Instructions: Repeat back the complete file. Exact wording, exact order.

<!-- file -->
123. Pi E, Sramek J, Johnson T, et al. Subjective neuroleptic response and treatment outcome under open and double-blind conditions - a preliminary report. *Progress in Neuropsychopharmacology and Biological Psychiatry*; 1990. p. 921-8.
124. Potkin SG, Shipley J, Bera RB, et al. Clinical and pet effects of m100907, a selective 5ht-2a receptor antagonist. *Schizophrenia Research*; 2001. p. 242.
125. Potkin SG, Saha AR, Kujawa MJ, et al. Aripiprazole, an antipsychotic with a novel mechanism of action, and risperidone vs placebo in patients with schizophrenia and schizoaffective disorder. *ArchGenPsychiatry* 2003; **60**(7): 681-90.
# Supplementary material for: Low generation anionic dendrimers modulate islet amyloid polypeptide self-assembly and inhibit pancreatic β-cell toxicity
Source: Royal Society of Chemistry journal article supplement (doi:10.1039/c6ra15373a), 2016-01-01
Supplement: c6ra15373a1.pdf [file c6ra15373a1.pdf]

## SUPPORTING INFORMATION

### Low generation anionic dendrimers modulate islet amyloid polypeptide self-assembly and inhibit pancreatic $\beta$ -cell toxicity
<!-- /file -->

123. Pi E, Sramek J, Johnson T, et al. Subjective neuroleptic response and treatment outcome under open and double-blind conditions - a preliminary report. *Progress in Neuropsychopharmacology and Biological Psychiatry*; 1990. p. 921-8.
124. Potkin SG, Shipley J, Bera RB, et al. Clinical and pet effects of m100907, a selective 5ht-2a receptor antagonist. *Schizophrenia Research*; 2001. p. 242.
125. Potkin SG, Saha AR, Kujawa MJ, et al. Aripiprazole, an antipsychotic with a novel mechanism of action, and risperidone vs placebo in patients with schizophrenia and schizoaffective disorder. *ArchGenPsychiatry* 2003; **60**(7): 681-90.
# Supplementary material for: Low generation anionic dendrimers modulate islet amyloid polypeptide self-assembly and inhibit pancreatic β-cell toxicity
Source: Royal Society of Chemistry journal article supplement (doi:10.1039/c6ra15373a), 2016-01-01
Supplement: c6ra15373a1.pdf [file c6ra15373a1.pdf]

## SUPPORTING INFORMATION

### Low generation anionic dendrimers modulate islet amyloid polypeptide self-assembly and inhibit pancreatic $\beta$ -cell toxicity